If I’ve been a little quiet lately, it isn’t for lack of things to say. It’s instead for want of two free hands and tired arms regularly extended as if poised to play catch in a trust fall. In one week’s time, Elbee has become a master of maneuverability: scooting, crawling, ducking, grabbing, cruising her way across every square inch of hardwood floor – little red knees and a dusty bottom to show for it.
Author, Wendy Mogel, prepared me for just such a scenario in her book, “The Blessing of a Skinned Knee: Using Jewish Teachings to Raise Self-Reliant Children.” (Aside: Tremendous read and I somewhat suspect you don’t need to be a Jewish parent, or a parent at all, to appreciate it, but you tell me.) Anyway, the goal, she points out, is to raise the sort of kids who can function without you, who leave you someday feeling relatively ok about it and who ultimately trust themselves to do what’s right because you (and the mistakes you let them make) taught them invaluable life lessons. Also, our kids are on loan. Get ready. Get set.
For most folks, it goes a little something like this.
One day, your kid will be desperate for you to chauffeur her from the nursery to the living room in your arms, delight at your dramatic recitation of Sandra Boynton’s Belly Button Book, clap for you while you play with her toys and cling to the 2013 version of your apron strings. (Probably, she wants to taste your iPhone.) The next day, forget you. Just unleash her. She has an entertainment center to reorganize anyway. And, by “reorganize,” I really just mean mess that ish up. If you’re lucky, she’ll turn her head in your general direction because she recognizes the sound of that voice muttering the word she’s probably beginning to think is her first name: No. And if seeing her cruise the coffee table takes your breath away, tough. Someday she’s going to ask for your car keys.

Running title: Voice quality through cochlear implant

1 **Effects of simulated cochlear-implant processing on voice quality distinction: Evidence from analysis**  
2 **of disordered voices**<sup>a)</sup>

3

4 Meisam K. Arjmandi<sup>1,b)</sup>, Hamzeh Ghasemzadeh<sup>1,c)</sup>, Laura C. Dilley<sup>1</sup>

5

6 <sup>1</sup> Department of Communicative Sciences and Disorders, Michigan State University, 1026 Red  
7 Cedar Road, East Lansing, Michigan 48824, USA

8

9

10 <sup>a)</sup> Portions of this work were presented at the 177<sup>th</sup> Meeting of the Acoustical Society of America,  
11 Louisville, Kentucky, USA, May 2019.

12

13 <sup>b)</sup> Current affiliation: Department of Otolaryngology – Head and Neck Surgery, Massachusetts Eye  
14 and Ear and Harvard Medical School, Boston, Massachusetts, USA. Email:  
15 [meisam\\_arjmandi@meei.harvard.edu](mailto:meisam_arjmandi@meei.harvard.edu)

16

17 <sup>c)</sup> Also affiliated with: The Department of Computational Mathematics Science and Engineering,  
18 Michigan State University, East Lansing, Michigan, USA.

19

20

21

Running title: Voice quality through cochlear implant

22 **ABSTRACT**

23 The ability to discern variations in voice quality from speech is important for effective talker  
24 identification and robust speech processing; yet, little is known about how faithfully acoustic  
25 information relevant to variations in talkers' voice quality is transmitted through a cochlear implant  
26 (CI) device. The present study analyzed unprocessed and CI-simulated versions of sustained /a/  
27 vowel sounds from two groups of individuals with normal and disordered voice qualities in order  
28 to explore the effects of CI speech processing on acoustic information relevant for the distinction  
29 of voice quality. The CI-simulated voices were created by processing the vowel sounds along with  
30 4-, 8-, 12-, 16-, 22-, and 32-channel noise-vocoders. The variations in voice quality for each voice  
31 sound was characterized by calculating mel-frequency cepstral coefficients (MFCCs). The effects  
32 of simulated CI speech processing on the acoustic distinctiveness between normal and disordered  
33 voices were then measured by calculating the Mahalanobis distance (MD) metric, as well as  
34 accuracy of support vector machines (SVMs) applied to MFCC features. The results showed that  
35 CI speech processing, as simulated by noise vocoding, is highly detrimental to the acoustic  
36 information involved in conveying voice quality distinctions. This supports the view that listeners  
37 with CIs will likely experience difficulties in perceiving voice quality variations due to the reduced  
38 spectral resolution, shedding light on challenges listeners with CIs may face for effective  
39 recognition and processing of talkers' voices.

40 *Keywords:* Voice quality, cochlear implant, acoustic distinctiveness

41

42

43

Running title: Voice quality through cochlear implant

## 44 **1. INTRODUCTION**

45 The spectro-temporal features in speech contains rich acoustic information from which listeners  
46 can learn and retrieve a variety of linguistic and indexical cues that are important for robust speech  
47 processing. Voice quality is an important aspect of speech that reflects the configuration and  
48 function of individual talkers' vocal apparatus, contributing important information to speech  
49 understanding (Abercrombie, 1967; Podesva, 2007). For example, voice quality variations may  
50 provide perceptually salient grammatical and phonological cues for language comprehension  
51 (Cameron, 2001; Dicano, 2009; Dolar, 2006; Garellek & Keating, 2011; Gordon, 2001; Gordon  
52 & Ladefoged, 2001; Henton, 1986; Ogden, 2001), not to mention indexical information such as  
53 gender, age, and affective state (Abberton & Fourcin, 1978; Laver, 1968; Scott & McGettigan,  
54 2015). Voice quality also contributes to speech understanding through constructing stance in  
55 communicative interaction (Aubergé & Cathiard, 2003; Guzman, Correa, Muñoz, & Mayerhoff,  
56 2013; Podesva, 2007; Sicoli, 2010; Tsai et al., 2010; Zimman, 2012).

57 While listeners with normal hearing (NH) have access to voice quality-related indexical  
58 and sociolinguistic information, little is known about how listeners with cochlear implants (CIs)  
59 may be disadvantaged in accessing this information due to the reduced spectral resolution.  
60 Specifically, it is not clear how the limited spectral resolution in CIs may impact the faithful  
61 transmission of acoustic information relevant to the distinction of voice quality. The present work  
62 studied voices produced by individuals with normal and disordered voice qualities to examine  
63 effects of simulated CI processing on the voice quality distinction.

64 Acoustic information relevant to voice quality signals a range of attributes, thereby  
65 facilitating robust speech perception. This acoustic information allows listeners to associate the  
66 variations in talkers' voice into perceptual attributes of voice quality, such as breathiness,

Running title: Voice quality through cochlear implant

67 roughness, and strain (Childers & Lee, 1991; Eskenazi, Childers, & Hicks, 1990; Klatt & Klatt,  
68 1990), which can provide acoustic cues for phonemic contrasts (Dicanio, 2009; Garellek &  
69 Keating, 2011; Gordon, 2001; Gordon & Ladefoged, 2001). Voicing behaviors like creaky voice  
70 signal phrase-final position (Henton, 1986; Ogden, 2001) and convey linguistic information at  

Now consider the fact that when our Elbee was three weeks old and newly-diagnosed with the trifecta of food allergies/allergic colitis/GERD, she aspirated on some combination of fresh breast milk and her own vomit. I’m not talking about a little oops-it-went-down-the-wrong-pipe, cough-cough, all-better scenario either. I’m talking she couldn’t breathe. At all. She turned purple. And I actually got to use some of what I learned in that Infant/Child CPR class. It was an experience that served the twofold purpose of heightening my anxiety and driving home the feeling that every second we’re blessed with our children is precious. Whereas I know things can get much worse, if my kid is still breathing, I have to believe I’m in relatively good shape here. Better get to livin’, as my girl Dolly Parton says. Better indeed.
I don’t want to be to thank for an emotionally crippled, neurotic, needlessly dependent human, after all. I want her to explore her world and test her limits. And better still if she can do so sans blood loss. Also, I hate wimps.
With this in mind, I enrolled her in swim lessons though I’m quietly terrified of drowning. I encouraged her to fraternize with that kid blowing snot bubbles and tugging at his little ears at play group last week. And I let her attempt to stand on her own two feet this afternoon, clapping emphatically when she fell flat on her baby face. She wears her first black eye like a badge of courage which, in many respects, it is.
Maybe I could have caught her. Maybe. And maybe she wouldn’t look like such the Million Dollar Baby if I had. The point is, I didn’t.
Because I hope she likes water. (And, if not, I hope she at least learns to swim.) I hope she never fails to overlook opportunities to meet people who might become her best friends even if they are oozing from their orifices. And I hope she fails a lot in her quest to stand on her own two feet (metaphorically, actually, whatever) because this means she’ll have really tried something. Chances are pretty good, too, that, occasionally, she’ll find she’s not that bad at it.